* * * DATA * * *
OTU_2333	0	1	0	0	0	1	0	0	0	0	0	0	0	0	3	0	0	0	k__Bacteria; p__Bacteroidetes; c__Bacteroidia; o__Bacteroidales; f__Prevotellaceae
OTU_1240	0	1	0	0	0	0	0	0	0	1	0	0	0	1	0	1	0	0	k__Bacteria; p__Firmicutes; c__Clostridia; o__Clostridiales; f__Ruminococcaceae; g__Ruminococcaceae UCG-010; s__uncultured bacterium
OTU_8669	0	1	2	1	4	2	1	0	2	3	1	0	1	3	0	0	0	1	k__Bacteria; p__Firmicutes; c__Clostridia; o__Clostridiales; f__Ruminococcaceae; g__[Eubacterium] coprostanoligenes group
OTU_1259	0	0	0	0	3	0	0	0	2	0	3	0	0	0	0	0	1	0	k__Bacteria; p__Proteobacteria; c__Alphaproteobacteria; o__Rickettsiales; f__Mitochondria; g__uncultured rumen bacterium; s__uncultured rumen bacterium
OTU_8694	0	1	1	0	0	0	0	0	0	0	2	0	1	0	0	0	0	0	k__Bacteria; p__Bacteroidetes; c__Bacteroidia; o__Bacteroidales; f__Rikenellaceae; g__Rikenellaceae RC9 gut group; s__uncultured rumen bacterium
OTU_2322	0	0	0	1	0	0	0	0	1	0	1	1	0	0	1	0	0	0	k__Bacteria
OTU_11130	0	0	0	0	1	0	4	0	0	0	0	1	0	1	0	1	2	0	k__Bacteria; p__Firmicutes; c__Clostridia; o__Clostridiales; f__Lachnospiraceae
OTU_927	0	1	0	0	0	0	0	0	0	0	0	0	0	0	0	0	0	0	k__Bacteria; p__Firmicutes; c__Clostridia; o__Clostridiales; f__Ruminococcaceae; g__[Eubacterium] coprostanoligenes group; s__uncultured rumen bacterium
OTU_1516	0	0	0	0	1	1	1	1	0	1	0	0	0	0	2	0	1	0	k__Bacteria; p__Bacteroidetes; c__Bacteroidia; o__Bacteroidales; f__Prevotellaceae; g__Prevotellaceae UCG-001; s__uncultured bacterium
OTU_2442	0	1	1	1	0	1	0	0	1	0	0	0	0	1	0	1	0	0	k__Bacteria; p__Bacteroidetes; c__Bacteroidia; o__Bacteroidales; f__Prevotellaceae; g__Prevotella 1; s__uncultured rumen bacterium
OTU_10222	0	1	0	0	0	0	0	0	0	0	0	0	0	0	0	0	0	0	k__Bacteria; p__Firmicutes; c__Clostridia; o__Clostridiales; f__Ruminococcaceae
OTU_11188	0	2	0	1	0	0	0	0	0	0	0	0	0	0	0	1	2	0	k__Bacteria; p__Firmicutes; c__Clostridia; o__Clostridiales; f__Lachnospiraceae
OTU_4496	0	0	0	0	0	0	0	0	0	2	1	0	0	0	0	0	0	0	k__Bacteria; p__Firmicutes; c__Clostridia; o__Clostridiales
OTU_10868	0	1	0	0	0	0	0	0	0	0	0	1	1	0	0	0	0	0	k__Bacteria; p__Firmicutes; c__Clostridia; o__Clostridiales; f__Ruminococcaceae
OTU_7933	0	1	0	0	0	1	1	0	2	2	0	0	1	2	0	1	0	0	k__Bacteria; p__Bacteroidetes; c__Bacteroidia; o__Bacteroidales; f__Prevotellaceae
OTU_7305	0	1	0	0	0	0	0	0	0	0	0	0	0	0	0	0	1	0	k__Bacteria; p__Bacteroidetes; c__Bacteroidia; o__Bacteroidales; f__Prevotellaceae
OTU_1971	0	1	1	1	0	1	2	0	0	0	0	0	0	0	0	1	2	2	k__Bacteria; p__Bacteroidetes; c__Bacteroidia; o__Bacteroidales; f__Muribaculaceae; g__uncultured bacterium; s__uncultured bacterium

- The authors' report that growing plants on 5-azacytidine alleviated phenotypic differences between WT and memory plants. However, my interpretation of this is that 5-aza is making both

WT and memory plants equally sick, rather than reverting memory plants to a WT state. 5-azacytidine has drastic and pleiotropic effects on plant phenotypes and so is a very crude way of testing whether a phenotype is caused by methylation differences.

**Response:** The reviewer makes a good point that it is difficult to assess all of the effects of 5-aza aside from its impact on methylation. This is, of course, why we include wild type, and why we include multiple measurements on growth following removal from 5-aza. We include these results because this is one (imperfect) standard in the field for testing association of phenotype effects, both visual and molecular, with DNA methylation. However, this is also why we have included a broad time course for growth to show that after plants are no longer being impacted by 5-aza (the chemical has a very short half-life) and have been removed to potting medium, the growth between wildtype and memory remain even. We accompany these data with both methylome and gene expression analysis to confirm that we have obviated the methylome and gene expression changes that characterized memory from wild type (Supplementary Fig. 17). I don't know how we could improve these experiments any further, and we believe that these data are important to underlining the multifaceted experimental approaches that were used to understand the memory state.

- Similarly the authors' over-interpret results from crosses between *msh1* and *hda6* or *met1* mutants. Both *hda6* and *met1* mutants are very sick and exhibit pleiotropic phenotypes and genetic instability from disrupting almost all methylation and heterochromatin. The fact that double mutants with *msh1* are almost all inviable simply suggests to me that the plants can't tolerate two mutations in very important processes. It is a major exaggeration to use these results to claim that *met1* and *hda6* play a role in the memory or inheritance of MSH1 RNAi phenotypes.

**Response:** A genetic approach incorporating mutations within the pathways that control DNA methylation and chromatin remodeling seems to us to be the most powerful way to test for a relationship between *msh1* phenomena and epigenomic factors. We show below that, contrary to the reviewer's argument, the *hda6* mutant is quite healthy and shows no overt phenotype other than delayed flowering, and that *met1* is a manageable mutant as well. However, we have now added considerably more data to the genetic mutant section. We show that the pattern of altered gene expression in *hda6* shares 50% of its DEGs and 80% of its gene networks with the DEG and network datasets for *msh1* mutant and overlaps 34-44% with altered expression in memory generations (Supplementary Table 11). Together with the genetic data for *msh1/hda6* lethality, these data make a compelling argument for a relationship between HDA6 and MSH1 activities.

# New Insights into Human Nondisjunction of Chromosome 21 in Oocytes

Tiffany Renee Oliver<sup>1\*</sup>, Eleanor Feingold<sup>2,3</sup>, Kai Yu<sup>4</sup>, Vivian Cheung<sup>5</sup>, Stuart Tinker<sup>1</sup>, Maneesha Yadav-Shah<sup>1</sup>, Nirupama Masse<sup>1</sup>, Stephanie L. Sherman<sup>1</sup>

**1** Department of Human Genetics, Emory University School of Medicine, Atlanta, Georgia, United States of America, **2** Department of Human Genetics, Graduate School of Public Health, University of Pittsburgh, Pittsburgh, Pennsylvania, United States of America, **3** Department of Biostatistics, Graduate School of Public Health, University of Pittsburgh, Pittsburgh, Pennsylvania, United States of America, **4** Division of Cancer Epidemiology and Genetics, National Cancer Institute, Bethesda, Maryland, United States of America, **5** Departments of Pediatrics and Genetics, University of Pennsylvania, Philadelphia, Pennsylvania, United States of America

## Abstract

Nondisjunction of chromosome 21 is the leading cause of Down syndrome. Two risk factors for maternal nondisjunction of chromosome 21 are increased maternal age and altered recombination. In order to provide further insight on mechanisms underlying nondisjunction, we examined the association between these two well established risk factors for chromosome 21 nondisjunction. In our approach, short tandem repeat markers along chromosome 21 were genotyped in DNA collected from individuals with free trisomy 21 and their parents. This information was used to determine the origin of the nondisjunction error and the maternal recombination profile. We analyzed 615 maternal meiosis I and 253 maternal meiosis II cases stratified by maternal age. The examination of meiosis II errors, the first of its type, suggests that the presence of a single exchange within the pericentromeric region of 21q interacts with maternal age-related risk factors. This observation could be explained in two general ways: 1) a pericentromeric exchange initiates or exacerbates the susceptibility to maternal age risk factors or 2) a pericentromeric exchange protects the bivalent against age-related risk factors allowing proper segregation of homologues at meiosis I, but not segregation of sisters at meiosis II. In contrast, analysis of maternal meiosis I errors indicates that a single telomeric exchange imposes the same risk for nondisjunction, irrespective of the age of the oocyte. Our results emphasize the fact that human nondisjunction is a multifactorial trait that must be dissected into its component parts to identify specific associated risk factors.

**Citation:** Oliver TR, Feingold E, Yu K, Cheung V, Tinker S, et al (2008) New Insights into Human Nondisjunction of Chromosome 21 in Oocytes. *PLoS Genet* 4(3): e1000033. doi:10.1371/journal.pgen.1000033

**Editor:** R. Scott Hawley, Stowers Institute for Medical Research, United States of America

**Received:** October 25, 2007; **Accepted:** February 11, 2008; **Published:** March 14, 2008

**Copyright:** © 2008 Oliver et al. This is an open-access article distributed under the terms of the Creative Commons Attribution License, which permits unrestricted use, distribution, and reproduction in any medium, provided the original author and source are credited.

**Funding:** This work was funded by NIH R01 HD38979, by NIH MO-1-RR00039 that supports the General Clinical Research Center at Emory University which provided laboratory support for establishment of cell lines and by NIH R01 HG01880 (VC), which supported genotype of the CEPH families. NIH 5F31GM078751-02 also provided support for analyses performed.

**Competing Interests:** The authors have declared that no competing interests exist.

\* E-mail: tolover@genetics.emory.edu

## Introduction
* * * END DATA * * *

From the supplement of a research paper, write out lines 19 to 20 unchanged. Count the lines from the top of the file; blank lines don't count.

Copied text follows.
WT and memory plants equally sick, rather than reverting memory plants to a WT state. 5-azacytidine has drastic and pleiotropic effects on plant phenotypes and so is a very crude way of testing whether a phenotype is caused by methylation differences.

**Response:** The reviewer makes a good point that it is difficult to assess all of the effects of 5-aza aside from its impact on methylation. This is, of course, why we include wild type, and why we include multiple measurements on growth following removal from 5-aza. We include these results because this is one (imperfect) standard in the field for testing association of phenotype effects, both visual and molecular, with DNA methylation. However, this is also why we have included a broad time course for growth to show that after plants are no longer being impacted by 5-aza (the chemical has a very short half-life) and have been removed to potting medium, the growth between wildtype and memory remain even. We accompany these data with both methylome and gene expression analysis to confirm that we have obviated the methylome and gene expression changes that characterized memory from wild type (Supplementary Fig. 17). I don't know how we could improve these experiments any further, and we believe that these data are important to underlining the multifaceted experimental approaches that were used to understand the memory state.